The Lobby, for example, was a “key factor” in the decision to go to war with Saddam Hussein’s unthreatening Iraq. After all, according to W and M, Saddam would not have threatened US interests even if he had developed nuclear weapons. But the war was “motivated in good part by a desire to make Israel more secure”. That, not oil or strategic considerations, is the reason for 2,000 US combat deaths.

And it has to be said at once that the Lobby is a problematic concept, as the profs use it. For a “loose coalition” the parts seem to do everything together, moving and thinking as one: the Lobby doesn’t tolerate even-handedness. The Lobby doesn’t want an open debate. The Lobby’s perspective prevails in the mainstream media. The Lobby created its own think-tank. The Lobby moved immediately to “take back the campuses”. Loose but so, so tight.

And how does it do it? Not because Jewish voters all vote for the most hawkish pro-Israel stuff, say the professors, because they don’t. Yet: “Thanks in part to the influence Jewish voters have on presidential elections, the Lobby also has significant leverage over the executive branch.” So it could be money: “Although they [Jews] make up fewer than 3 per cent of the population, they make large campaign donations to candidates from both parties.” Commitment:

“Jewish voters have high turnout rates”. Geographical spread: “[Jews are] concentrated in key states like California, Florida, Illinois, New York and Pennsylvania . . . [so] presidential candidates go to great lengths not to antagonise them.” As opposed to those sections of the electorate who candidates presumably seek actively to alienate. And if Jews are so clever, why don’t they also go to the key states of Ohio and Texas? Don’t ask; the professors don’t.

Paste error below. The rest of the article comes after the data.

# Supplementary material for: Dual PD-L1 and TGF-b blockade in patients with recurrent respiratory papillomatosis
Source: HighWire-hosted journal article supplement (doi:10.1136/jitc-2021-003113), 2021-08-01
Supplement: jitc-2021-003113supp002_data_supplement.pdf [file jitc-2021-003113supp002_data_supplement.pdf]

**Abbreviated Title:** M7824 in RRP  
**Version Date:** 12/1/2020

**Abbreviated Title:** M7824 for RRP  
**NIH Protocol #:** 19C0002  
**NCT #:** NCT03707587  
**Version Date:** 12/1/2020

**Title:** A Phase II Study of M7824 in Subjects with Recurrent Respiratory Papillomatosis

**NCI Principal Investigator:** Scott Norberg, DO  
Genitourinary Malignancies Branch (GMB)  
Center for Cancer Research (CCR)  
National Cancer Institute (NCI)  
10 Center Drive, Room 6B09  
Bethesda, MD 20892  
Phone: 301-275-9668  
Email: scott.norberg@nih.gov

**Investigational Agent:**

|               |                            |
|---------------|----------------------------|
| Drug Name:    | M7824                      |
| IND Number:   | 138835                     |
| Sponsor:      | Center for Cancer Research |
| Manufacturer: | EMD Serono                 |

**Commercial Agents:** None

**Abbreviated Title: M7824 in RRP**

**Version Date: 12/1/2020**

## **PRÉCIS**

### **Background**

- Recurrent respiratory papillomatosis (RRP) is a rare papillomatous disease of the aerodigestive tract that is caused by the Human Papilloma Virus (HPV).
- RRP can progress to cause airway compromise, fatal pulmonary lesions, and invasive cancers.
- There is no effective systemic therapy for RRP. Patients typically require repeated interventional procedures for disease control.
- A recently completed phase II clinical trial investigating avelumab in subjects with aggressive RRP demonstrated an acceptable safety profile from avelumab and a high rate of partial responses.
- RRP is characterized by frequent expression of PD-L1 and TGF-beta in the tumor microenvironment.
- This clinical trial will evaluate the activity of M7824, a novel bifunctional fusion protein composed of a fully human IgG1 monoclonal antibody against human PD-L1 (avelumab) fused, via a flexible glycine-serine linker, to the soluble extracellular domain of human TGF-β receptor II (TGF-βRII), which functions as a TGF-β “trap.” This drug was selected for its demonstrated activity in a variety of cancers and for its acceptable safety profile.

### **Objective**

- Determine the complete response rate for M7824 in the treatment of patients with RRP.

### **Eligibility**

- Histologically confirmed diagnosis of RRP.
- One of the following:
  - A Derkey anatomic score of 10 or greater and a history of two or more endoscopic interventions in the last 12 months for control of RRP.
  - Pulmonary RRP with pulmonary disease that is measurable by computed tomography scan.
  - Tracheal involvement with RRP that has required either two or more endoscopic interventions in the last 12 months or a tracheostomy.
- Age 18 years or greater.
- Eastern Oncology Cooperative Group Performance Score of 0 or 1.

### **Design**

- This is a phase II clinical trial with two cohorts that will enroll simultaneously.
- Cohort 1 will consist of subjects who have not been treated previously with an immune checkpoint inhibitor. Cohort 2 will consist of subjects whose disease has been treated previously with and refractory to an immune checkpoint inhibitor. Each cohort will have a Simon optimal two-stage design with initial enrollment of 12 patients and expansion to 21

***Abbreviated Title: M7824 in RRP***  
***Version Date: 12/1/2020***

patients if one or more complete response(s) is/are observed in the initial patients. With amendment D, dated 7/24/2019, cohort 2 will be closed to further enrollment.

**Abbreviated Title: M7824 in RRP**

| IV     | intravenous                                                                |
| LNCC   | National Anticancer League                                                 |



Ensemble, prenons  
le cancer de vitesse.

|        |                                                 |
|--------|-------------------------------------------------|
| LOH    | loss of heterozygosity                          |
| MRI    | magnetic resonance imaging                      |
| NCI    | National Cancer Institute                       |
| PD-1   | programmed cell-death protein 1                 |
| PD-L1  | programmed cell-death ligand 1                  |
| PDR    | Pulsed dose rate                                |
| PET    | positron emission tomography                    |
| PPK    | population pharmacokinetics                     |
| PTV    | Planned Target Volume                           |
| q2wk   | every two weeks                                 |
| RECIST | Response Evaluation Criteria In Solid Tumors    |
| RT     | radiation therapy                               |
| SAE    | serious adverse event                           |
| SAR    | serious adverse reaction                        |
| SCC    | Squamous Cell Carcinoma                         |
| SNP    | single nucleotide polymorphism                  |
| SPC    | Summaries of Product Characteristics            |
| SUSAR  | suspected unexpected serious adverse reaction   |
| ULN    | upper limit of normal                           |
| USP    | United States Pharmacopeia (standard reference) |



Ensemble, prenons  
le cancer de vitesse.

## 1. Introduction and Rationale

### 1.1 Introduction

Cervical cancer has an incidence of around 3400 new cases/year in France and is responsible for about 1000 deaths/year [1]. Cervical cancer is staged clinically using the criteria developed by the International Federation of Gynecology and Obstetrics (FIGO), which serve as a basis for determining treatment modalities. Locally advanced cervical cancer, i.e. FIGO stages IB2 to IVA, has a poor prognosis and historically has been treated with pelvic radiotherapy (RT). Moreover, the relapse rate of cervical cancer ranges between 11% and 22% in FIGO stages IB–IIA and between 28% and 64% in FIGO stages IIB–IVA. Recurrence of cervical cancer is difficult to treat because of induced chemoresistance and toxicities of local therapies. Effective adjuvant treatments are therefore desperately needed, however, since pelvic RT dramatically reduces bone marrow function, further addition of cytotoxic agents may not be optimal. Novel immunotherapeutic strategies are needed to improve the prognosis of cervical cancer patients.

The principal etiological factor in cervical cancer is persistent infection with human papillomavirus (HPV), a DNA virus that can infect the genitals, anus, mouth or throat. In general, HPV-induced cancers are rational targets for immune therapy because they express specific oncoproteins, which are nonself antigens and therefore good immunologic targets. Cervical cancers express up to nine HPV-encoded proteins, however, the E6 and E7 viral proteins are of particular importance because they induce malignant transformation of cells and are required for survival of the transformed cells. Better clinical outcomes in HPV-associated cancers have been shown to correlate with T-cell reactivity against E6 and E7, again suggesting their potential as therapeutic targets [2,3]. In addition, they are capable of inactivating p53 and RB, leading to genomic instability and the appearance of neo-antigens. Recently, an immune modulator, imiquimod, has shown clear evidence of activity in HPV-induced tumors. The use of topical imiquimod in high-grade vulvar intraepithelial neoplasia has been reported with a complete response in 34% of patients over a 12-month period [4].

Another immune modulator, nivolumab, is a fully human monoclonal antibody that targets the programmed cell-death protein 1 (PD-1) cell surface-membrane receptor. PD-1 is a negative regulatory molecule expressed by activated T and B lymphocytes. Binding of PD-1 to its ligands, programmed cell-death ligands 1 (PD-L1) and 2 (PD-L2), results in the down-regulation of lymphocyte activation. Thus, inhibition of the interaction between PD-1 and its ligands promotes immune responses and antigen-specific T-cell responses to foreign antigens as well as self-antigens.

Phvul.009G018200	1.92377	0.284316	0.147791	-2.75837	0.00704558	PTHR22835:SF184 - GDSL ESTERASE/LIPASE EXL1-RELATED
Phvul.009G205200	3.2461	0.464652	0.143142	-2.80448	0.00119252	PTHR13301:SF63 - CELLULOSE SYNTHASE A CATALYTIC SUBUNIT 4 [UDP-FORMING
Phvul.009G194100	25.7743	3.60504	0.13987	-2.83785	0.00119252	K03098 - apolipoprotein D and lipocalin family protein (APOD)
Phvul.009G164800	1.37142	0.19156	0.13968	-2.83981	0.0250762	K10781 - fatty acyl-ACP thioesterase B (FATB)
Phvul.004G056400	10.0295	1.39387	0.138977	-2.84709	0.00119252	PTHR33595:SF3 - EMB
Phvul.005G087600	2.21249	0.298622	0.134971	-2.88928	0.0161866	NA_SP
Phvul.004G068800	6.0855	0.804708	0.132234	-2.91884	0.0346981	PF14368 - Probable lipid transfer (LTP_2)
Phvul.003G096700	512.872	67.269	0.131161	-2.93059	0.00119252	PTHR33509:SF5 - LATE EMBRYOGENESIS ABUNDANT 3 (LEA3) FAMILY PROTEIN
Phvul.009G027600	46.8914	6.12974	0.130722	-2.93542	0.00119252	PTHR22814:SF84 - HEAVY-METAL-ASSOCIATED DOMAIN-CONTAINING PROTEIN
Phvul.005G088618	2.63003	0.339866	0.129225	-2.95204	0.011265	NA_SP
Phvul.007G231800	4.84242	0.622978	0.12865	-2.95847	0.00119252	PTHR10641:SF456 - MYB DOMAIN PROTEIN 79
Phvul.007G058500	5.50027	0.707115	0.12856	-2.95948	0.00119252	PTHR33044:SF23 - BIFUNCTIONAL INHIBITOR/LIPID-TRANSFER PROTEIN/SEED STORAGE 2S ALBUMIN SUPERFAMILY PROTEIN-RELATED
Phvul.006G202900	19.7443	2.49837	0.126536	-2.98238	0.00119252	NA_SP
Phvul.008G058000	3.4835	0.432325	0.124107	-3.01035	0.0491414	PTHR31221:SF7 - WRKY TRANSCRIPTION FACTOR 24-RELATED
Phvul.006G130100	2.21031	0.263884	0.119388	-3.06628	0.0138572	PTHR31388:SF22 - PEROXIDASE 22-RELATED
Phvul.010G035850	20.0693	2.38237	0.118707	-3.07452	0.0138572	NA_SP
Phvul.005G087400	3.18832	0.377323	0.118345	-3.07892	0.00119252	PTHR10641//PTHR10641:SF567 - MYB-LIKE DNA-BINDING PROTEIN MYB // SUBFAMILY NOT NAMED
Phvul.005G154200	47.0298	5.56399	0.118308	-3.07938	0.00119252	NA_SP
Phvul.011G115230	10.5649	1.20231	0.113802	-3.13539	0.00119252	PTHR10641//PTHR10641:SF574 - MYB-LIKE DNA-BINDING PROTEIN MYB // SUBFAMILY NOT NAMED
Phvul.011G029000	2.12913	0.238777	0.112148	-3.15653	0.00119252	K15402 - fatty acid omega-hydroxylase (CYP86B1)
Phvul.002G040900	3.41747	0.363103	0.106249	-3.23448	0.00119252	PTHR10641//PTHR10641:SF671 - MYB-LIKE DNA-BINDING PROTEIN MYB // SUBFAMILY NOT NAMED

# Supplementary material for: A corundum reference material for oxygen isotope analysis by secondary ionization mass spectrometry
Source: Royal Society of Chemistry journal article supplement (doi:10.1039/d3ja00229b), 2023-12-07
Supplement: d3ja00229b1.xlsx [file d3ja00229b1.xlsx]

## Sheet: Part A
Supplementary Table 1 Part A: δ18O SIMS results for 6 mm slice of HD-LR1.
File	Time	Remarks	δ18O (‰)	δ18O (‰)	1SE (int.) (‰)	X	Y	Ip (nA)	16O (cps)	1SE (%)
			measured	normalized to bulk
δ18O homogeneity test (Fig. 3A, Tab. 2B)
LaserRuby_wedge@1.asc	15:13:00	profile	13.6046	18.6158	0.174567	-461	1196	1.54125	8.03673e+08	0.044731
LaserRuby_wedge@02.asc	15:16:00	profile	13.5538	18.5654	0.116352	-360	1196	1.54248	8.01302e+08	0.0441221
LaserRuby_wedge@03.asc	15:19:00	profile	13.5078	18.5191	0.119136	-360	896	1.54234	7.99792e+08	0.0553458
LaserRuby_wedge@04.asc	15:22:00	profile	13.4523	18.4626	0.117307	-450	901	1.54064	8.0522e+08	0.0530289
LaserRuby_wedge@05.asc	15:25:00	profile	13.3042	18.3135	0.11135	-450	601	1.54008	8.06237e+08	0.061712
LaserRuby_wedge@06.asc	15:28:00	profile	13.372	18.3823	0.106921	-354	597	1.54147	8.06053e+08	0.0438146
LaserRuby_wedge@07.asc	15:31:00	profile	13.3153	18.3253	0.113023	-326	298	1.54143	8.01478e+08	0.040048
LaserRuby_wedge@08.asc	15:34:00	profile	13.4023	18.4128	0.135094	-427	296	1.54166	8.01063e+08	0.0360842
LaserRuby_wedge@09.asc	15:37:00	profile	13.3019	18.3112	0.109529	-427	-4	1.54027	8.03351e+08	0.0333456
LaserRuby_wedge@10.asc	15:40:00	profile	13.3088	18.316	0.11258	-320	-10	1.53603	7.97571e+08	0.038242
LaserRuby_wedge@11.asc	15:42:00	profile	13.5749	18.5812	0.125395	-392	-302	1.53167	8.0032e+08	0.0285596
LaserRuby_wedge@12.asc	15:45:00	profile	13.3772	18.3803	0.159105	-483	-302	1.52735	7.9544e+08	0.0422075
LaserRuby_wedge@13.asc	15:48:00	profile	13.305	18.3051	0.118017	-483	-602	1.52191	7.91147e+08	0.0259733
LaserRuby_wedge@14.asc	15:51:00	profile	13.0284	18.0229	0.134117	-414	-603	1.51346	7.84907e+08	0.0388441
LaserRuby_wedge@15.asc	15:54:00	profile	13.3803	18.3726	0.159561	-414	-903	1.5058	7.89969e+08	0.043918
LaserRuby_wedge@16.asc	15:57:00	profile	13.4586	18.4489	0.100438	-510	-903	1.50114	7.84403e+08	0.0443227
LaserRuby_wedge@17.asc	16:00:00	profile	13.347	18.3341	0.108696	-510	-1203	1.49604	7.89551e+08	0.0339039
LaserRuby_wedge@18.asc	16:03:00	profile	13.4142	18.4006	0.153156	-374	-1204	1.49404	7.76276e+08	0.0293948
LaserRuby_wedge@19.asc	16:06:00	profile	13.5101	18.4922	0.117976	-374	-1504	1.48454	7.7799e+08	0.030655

A reminder here. Their article is not about arguing that there is a Jewish vote (mostly Democrat) and an Israel lobby. Of course they exist. The professors are far more ambitious than that. The Israel Lobby is the most powerful lobby in American political history, persuading an entire nation into quasi-suicidal policies.

It helps them to make the case that the authors corral everybody who argues for pro-Israeli policies (or presumably — see above — even some sorts of anti-terrorist ones) into “the Lobby”. This is obviously flawed; most columnists and academics who are broadly pro-Israel argue their case out of conviction, not out of a desire to propagandise. Otherwise what is to stop me accusing Walt and Mearsheimer of being part of the Iranian lobby?

OK, let them be closet pro-Iranians. Let’s say we’re all lobbyists. And if we are, who is more powerful than the energy lobby that risks the future of the entire planet or, in 1940, the British lobby, which sought successfully to ensnare the US in a European war that it did not want? You want perfidy? We have it right here.

The problem with the Professors Mearsheimer and Walt is not that their arguments are silly or exaggerated, though many of them are. In a way I sympathise with their desire for redress, since there has been a cock-eyed failure in the US to understand the plight of the Palestinians. No, it’s what pornographers would call their “money-shot” that really offends. For, breaking into polemic, the professors finally claim that if the Lobby succeeds: “Israel will get a free hand with the Palestinians, and the US will do most of the fighting, dying, rebuilding and paying.”

Not the Jews.